Google’s project Loon may be our best chance at saving the planet. Free access to humanity’s collective knowledge will do more than anything to assist those in 3rd world countries to help themselves,, and to inform those of us in the 1st world how bad things really are. The irony of Loon may be the “Balloon-powered” part of the “internet for all” slogan.
The balloons used in Loon are inflated with helium, yes the same gas filling in your party balloons, that is truly a depleting planetary resource. Helium cannot be created by any process besides nuclear reactions, in the sun or deep in the earth, and has escape velocity. The helium leaking from your party balloons is literally escaping to outer space and is lost forever. So what if we loose a little bit of helium? The earth’s full of it right? Wrong. In October of 2013, yes right before the government shutdown, the US Congress passed HR 527 The Helium Stewardship Act of 2013 on a totally lopsided vote of 491-3. The lack of partisanship in the vote underscores the severity of the issue. Briefly, the Helium Stewardship Act prevented the complete drawdown of the US strategic helium reserve and averted a catastrophe in many industries that rely on helium (including cryogenics). There’s only a small amount of helium in natural gas wells primarily in the US, Russia, and Libya.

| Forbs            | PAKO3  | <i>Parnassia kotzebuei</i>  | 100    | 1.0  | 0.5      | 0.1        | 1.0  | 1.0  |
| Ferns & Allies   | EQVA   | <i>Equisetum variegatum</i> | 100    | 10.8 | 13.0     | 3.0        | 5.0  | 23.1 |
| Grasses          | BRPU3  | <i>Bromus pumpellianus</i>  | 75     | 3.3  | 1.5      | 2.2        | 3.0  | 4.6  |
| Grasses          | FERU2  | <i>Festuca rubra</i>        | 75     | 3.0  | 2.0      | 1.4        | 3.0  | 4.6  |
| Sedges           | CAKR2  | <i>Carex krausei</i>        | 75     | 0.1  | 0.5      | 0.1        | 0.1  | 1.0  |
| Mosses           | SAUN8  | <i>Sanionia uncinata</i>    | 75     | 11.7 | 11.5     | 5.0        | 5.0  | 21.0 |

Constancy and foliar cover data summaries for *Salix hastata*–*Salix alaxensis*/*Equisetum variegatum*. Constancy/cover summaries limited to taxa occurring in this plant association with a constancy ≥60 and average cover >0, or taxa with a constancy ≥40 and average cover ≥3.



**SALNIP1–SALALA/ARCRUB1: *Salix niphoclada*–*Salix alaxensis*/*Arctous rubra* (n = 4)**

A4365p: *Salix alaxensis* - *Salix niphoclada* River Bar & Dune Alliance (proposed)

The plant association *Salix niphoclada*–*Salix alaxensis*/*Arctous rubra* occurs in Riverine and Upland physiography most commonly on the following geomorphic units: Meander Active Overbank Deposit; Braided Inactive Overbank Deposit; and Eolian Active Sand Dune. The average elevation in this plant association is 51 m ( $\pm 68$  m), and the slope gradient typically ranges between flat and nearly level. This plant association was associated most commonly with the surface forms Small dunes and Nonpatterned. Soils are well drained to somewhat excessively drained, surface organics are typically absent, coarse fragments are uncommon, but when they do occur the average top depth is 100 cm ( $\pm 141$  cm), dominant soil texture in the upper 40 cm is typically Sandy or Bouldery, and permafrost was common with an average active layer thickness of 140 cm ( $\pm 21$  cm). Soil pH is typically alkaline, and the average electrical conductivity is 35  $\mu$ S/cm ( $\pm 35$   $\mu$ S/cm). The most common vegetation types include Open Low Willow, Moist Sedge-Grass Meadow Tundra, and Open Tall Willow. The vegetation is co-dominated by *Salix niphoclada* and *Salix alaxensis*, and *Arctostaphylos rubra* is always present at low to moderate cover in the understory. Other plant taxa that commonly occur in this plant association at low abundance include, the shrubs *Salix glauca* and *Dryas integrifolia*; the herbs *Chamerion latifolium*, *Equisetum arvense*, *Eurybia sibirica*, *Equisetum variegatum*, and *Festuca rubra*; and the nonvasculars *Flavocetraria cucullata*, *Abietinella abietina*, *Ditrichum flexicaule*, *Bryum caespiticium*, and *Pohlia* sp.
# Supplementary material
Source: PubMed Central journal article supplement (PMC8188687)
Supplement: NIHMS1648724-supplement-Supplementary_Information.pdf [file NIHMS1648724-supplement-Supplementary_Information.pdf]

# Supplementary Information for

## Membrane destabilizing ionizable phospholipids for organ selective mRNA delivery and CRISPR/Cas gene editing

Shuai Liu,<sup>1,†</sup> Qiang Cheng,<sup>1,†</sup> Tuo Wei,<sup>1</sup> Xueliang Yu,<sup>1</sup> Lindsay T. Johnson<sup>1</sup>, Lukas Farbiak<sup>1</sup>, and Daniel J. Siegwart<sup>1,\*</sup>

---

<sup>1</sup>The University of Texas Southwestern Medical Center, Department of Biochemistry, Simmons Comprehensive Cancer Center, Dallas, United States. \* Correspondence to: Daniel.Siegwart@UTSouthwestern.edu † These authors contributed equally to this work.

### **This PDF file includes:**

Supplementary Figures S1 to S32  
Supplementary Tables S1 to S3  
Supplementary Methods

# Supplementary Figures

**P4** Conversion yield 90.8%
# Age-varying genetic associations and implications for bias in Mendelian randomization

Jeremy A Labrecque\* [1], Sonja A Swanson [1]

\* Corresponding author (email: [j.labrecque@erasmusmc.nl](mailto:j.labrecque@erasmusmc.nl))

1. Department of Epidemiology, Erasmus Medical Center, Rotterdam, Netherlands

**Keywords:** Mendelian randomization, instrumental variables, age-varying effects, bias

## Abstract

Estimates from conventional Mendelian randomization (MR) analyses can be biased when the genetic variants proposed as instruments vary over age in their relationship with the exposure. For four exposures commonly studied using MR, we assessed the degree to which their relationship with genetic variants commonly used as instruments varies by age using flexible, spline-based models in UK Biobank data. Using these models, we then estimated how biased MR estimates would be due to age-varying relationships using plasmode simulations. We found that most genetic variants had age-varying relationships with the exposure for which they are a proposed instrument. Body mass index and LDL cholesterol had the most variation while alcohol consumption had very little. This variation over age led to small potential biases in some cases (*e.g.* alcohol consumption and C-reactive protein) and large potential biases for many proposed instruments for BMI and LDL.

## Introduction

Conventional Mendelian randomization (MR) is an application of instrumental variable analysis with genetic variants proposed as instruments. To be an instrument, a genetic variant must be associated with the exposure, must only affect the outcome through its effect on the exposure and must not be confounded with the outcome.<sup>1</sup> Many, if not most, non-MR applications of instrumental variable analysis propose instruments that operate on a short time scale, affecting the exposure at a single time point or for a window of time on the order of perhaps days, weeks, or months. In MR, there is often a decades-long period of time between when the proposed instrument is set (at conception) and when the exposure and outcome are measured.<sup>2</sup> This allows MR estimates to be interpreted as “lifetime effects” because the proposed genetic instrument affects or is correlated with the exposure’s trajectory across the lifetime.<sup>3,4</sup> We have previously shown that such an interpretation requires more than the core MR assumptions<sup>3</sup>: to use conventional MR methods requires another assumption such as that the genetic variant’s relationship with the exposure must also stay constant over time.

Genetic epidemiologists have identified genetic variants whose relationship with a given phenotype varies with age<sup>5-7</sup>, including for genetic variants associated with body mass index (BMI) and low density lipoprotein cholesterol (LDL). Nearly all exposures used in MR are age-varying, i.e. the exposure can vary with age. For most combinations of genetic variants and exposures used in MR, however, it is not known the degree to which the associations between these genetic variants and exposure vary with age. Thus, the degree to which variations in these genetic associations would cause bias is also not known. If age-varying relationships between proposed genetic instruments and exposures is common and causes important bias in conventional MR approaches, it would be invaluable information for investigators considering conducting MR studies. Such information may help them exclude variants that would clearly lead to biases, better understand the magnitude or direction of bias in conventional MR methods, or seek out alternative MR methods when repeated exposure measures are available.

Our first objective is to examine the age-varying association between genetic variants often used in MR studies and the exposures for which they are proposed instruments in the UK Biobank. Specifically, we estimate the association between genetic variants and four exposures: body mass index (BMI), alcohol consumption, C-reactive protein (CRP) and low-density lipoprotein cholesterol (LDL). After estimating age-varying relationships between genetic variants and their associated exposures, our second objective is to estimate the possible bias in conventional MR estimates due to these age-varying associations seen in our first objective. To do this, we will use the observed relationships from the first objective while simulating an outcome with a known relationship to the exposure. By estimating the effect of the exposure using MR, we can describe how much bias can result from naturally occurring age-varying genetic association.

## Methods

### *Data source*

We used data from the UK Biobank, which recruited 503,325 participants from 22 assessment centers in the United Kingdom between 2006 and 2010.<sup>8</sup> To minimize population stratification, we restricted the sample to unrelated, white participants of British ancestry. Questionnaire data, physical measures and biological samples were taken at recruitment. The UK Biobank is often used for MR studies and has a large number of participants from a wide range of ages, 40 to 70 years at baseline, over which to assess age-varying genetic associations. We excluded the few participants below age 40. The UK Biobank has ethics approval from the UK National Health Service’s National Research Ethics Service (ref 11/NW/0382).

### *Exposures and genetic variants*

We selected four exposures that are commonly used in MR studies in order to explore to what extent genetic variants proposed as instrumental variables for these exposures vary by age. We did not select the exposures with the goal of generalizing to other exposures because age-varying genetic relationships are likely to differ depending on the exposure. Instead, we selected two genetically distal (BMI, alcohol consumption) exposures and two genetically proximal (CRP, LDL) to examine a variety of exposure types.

So why is the small amount of helium used for Google’s project Loon loony? First, helium only has 80% of the lifting capacity as hydrogen– meaning hydrogen lifts more. Second, because the helium cannot store energy, it is lifting heavy batteries and a solar cell. Batteries are a terrible way to store energy in weight intensive applications in aerospace. A quick look at a plot of energy density vs. specific energy for various energy storage mechanisms shows that hydrogen has nearly 70 times more energy per weight than batteries! Third, fuel cells have superior cycle longevity compared to batteries and the solar cell can still be utilized to regenerate the hydrogen during the day from the water byproducts. A primary use for hydrogen generators is the fueling of high-altitude balloons.
If Google wants to get serious about Loon, they need to get serious about the “Balloon-powered” part of their slogan and move to hydrogen filled balloons coupled to fuel cells. Our new faculty member in MME, Arda Gozen, specializes in flexible electronics. He and I have plans to revolutionize applications of flexible fuel cells. Let us know if you are interesting in partnering to be a part of the future!